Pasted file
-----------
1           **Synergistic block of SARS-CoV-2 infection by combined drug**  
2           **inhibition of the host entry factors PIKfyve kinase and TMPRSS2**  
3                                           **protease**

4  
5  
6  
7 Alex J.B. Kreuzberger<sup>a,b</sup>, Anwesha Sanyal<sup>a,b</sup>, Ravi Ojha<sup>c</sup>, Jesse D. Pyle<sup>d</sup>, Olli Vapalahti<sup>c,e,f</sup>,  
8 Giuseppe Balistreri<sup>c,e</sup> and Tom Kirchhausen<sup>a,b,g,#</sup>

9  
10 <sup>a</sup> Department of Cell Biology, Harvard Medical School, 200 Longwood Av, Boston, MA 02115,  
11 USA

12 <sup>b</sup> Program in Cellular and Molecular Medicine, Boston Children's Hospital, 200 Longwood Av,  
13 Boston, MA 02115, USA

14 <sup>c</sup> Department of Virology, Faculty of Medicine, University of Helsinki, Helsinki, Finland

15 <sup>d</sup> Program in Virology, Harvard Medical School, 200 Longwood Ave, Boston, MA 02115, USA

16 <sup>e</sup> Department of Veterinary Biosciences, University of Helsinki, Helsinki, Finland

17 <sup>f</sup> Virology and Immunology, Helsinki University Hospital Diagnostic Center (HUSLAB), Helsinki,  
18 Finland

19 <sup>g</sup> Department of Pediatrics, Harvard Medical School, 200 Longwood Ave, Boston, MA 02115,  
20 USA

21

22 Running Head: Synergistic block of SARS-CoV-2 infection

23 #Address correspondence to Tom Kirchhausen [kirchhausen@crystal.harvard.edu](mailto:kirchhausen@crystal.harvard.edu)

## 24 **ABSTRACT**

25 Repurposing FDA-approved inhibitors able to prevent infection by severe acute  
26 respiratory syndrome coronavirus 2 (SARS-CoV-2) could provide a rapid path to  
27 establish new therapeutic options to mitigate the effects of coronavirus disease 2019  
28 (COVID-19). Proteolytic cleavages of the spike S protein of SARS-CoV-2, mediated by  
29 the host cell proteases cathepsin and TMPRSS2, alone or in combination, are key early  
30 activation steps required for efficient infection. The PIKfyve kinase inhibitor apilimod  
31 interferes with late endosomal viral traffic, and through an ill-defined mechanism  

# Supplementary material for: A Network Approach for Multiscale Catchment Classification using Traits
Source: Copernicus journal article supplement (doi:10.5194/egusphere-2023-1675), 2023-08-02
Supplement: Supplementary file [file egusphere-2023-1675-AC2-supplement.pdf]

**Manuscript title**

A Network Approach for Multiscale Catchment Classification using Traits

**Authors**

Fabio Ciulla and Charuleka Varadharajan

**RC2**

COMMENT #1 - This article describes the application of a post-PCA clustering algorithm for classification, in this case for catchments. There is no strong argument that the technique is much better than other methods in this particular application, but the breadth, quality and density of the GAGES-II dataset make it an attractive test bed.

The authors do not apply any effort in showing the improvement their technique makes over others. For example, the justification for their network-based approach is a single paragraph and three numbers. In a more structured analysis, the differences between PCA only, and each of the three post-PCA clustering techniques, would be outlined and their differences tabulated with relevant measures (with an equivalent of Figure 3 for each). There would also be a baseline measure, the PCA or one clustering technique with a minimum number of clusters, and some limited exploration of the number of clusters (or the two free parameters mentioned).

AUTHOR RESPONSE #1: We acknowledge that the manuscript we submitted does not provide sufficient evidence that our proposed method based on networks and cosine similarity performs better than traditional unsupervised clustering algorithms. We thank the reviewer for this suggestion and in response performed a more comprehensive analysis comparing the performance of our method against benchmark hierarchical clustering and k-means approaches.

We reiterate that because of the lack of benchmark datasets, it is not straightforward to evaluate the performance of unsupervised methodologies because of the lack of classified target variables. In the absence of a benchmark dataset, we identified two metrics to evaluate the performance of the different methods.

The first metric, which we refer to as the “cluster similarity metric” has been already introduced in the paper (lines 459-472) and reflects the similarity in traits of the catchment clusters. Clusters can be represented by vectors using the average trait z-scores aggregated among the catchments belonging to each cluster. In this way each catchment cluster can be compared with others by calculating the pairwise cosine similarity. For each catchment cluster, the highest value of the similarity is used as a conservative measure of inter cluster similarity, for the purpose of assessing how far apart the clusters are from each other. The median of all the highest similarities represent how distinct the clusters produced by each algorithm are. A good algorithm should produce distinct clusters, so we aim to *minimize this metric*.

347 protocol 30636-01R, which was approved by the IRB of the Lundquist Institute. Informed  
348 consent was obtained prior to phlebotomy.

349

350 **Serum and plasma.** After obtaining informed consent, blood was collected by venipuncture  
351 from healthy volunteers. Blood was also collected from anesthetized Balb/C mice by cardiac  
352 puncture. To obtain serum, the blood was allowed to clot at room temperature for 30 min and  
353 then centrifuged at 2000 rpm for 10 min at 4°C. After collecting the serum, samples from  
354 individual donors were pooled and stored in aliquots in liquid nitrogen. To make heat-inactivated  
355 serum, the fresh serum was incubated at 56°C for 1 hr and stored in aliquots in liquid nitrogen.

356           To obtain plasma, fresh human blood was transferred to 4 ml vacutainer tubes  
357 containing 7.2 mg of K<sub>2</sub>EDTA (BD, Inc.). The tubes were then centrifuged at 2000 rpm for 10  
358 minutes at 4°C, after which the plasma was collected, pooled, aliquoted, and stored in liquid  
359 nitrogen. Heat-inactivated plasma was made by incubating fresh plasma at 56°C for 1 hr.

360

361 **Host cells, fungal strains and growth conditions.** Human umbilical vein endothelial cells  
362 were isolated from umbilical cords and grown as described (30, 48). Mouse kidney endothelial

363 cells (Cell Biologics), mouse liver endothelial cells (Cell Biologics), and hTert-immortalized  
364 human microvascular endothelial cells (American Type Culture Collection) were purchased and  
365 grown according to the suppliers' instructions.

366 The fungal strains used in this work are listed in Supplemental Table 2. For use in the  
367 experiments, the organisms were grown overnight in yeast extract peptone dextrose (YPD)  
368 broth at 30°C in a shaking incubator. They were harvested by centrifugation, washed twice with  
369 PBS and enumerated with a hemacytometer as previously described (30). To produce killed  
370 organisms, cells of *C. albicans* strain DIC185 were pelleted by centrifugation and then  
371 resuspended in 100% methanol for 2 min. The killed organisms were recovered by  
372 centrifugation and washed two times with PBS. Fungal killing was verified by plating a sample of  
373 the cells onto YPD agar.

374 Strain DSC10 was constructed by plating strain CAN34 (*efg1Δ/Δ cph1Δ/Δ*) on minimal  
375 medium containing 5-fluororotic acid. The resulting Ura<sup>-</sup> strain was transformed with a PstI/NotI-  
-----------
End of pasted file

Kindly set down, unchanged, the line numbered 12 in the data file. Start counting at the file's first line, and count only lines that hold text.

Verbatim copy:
12 <sup>b</sup> Program in Cellular and Molecular Medicine, Boston Children's Hospital, 200 Longwood Av,  